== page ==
The start is about 15 miles northeast of Madras. At the intersection of US Highway 97 and NW Pony Butte Road, look for the road maker to “Ashwood.” On the west side of this road, there is a red barn. Park in the dirt parking lot on the east side of the highway. There are no permits or parking fees.
Lat / Long: 44.780166, -120.965655
This ride has three unique parts. The first third of the ride is the warmup — 5 miles of flat and four short, “punchy” 100 to 300-foot climbs with gradients up to 10 % over the next 6 miles. The second third of the ride has longer climbs — 500 to 1000 feet in height with gradients varying between 5 to 8 percent. The longest climb, 850 feet in 2.5 miles, occurs as you leave Ashwood. The last third of the ride is mostly descending (through a really cool canyon!) with a few “punchy” uphills that will keep you honest.
The roads are clay-based, hard-packed, and for the most part, fast-rolling. There are several short sections of chunk. The descent into Ashwood can be rutted in the spring. It is a technically demanding 3-mile descent, with pitches in excess of 10% and an average gradient of 7%.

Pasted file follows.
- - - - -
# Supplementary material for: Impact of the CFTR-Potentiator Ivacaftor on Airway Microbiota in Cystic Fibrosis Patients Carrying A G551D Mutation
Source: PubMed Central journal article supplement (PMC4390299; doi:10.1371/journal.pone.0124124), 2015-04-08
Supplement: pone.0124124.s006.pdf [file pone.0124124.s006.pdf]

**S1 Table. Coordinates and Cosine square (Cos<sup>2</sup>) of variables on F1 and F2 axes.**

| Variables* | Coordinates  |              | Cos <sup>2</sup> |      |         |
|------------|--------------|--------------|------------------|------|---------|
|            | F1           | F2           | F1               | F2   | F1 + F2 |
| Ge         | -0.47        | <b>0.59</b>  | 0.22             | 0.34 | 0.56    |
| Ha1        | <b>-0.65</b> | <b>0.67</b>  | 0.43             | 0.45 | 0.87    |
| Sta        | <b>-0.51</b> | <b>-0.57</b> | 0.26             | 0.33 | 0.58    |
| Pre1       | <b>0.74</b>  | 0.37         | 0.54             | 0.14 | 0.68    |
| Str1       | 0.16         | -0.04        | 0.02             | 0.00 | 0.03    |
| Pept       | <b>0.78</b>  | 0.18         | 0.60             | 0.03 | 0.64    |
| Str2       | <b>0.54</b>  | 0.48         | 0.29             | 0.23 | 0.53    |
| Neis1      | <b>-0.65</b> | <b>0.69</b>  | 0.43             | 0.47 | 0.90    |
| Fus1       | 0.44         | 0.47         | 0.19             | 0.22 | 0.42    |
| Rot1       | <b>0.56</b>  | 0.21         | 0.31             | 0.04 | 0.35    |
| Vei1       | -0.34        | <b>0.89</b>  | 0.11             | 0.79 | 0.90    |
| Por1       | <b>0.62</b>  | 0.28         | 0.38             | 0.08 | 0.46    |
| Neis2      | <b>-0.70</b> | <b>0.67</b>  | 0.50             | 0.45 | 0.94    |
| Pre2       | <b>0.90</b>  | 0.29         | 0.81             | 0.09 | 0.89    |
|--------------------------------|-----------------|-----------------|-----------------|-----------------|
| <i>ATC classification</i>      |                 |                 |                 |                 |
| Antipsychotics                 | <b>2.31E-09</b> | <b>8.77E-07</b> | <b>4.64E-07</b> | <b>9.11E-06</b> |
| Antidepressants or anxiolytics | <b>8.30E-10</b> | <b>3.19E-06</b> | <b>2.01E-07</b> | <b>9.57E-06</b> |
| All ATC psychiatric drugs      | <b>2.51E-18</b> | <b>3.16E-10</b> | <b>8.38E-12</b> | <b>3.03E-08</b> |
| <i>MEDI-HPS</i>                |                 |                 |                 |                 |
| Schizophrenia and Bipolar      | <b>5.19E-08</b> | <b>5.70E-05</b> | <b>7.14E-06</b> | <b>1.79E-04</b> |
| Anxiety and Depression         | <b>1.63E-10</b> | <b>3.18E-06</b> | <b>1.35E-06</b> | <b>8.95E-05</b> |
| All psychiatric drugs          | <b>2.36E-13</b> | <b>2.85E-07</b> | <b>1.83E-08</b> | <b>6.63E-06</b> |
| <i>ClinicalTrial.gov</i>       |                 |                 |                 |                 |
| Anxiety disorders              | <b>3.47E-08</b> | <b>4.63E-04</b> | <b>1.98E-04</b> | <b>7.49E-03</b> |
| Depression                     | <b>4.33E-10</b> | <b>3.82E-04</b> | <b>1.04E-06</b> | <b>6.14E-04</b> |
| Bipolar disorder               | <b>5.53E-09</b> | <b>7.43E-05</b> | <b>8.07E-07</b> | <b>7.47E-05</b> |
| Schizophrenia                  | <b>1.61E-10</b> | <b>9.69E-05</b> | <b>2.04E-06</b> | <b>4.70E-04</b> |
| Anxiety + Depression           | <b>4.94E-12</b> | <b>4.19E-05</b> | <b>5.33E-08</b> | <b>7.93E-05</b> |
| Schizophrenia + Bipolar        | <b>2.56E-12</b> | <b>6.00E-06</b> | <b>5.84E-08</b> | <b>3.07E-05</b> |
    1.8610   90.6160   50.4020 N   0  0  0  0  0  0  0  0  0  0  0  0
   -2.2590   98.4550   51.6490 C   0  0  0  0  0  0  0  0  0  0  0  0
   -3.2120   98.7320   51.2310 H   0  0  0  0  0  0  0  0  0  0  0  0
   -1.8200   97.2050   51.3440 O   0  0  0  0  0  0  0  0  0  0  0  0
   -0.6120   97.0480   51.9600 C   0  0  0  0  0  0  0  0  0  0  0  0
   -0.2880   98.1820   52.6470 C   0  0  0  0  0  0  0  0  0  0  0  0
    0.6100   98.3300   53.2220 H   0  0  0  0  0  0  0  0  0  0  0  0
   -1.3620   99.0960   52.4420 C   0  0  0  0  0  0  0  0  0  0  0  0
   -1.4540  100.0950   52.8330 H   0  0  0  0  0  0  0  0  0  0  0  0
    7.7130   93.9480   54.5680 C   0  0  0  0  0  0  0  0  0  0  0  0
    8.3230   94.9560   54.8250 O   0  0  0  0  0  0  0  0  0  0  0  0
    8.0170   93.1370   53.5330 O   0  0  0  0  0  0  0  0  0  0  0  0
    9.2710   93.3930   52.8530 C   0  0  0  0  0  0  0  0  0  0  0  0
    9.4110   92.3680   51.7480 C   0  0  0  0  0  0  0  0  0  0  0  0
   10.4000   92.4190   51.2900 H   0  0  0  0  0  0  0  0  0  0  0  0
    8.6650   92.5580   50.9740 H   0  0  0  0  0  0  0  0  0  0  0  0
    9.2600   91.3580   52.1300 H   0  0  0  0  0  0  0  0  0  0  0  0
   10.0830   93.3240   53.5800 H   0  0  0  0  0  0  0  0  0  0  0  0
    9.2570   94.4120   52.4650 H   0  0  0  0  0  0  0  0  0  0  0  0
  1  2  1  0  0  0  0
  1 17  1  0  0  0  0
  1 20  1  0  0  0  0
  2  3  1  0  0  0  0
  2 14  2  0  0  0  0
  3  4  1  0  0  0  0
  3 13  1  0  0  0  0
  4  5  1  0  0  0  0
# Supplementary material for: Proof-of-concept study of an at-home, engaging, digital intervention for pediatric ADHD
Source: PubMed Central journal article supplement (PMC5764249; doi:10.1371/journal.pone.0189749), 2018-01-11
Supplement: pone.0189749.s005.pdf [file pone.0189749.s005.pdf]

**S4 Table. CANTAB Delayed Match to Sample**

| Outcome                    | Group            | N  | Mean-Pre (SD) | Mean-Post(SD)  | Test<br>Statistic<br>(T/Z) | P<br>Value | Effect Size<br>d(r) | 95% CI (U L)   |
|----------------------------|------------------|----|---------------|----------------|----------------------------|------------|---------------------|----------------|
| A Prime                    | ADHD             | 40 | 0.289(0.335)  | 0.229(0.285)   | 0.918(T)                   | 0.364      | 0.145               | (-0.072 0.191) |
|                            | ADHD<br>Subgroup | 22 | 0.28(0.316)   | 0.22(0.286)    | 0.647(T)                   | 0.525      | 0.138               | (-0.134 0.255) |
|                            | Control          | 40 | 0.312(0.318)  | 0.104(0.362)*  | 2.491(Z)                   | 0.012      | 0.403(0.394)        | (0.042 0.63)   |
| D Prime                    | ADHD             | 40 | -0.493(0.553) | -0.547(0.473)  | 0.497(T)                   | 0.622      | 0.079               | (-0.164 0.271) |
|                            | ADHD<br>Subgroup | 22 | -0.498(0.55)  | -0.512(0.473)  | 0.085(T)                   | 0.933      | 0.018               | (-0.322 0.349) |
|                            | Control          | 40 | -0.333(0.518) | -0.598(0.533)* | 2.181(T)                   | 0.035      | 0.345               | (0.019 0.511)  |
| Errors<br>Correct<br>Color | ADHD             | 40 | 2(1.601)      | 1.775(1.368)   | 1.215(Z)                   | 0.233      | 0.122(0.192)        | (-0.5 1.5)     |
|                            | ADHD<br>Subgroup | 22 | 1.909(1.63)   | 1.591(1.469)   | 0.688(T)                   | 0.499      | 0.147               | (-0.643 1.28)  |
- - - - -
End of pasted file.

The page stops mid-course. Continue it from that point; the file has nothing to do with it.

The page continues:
On the weekends, traffic is minimal. You may not see a car for half the ride, and even then, you’d likely be able to count all the cars on both hands.
Across from the start there is a red barn and other buildings. They are part of the R2 Ranch complex. The ranch is 47 miles long and, in some places, 22 miles wide. The ranch is built around more than 4,000 acres of irrigated land, 81,000 acres of rangeland with 150 improved springs and 7 year around creeks and ponds, and a 35-acre lake. The ranch carries historical significance. The Cross Keys post office was established on July 8, 1879 at the mouth of Cow Canyon and the bank of Trout Creek (just north on Highway 97 at the beginning of the grade). The ranch was also a stage and freight station in the early days. [R2 Ranch]
Homesteaders first settled the area in the 1880s, constructing more than 700 homes. By the 1930s, insufficient rainfall and unfavorable economic conditions led to farm failures and land abandonment. By 1935, about 35% of the homesteads were foreclosed upon by federal and private mortgage banks. The government repurchased the land from the remaining homesteaders. The Crooked River National Grassland was created by Congress in 1960 to improve range management and the forage resource. The grasslands, which cover 173,629 acres, include two National Wild and Scenic Rivers: the Deschutes and the Crooked. There are 20 national grasslands across the country, but Crooked River National Grassland is the only national grassland in the Pacific Northwest. [Ochoco National Forest]